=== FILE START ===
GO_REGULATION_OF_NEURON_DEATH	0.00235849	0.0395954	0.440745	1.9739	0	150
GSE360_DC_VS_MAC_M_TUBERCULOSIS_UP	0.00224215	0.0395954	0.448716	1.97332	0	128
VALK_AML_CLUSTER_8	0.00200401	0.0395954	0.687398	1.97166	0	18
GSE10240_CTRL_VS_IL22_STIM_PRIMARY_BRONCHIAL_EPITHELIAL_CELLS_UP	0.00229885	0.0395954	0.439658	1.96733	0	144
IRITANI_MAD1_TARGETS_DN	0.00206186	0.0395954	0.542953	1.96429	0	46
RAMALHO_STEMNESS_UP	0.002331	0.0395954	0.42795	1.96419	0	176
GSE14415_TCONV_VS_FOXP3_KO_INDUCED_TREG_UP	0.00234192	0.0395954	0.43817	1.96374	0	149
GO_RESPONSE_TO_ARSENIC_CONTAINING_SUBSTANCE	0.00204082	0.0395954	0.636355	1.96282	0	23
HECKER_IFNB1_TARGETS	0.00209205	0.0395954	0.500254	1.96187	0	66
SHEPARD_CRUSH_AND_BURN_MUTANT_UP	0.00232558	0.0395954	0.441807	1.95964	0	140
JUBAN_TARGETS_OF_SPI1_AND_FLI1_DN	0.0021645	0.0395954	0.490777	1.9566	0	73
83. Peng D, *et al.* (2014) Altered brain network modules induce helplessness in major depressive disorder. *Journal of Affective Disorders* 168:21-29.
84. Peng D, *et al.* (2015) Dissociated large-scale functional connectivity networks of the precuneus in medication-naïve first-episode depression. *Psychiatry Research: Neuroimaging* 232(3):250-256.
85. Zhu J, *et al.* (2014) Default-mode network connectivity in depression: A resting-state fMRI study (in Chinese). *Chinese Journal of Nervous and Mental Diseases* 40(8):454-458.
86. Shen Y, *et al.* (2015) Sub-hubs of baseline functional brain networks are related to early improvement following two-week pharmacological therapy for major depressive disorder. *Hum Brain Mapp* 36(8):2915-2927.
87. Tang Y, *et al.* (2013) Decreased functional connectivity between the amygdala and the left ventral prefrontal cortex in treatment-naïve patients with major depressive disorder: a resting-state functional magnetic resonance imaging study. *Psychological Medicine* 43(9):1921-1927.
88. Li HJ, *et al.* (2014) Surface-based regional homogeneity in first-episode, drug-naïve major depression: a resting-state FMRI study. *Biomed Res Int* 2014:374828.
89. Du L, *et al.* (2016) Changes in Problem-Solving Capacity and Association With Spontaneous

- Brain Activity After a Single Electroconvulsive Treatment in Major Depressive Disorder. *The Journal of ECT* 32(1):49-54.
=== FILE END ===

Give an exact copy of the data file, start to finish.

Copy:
GO_REGULATION_OF_NEURON_DEATH	0.00235849	0.0395954	0.440745	1.9739	0	150
GSE360_DC_VS_MAC_M_TUBERCULOSIS_UP	0.00224215	0.0395954	0.448716	1.97332	0	128
VALK_AML_CLUSTER_8	0.00200401	0.0395954	0.687398	1.97166	0	18
GSE10240_CTRL_VS_IL22_STIM_PRIMARY_BRONCHIAL_EPITHELIAL_CELLS_UP	0.00229885	0.0395954	0.439658	1.96733	0	144
IRITANI_MAD1_TARGETS_DN	0.00206186	0.0395954	0.542953	1.96429	0	46
RAMALHO_STEMNESS_UP	0.002331	0.0395954	0.42795	1.96419	0	176
GSE14415_TCONV_VS_FOXP3_KO_INDUCED_TREG_UP	0.00234192	0.0395954	0.43817	1.96374	0	149
GO_RESPONSE_TO_ARSENIC_CONTAINING_SUBSTANCE	0.00204082	0.0395954	0.636355	1.96282	0	23
HECKER_IFNB1_TARGETS	0.00209205	0.0395954	0.500254	1.96187	0	66
SHEPARD_CRUSH_AND_BURN_MUTANT_UP	0.00232558	0.0395954	0.441807	1.95964	0	140
JUBAN_TARGETS_OF_SPI1_AND_FLI1_DN	0.0021645	0.0395954	0.490777	1.9566	0	73
83. Peng D, *et al.* (2014) Altered brain network modules induce helplessness in major depressive disorder. *Journal of Affective Disorders* 168:21-29.
84. Peng D, *et al.* (2015) Dissociated large-scale functional connectivity networks of the precuneus in medication-naïve first-episode depression. *Psychiatry Research: Neuroimaging* 232(3):250-256.
85. Zhu J, *et al.* (2014) Default-mode network connectivity in depression: A resting-state fMRI study (in Chinese). *Chinese Journal of Nervous and Mental Diseases* 40(8):454-458.
86. Shen Y, *et al.* (2015) Sub-hubs of baseline functional brain networks are related to early improvement following two-week pharmacological therapy for major depressive disorder. *Hum Brain Mapp* 36(8):2915-2927.
87. Tang Y, *et al.* (2013) Decreased functional connectivity between the amygdala and the left ventral prefrontal cortex in treatment-naïve patients with major depressive disorder: a resting-state functional magnetic resonance imaging study. *Psychological Medicine* 43(9):1921-1927.
88. Li HJ, *et al.* (2014) Surface-based regional homogeneity in first-episode, drug-naïve major depression: a resting-state FMRI study. *Biomed Res Int* 2014:374828.
89. Du L, *et al.* (2016) Changes in Problem-Solving Capacity and Association With Spontaneous

- Brain Activity After a Single Electroconvulsive Treatment in Major Depressive Disorder. *The Journal of ECT* 32(1):49-54.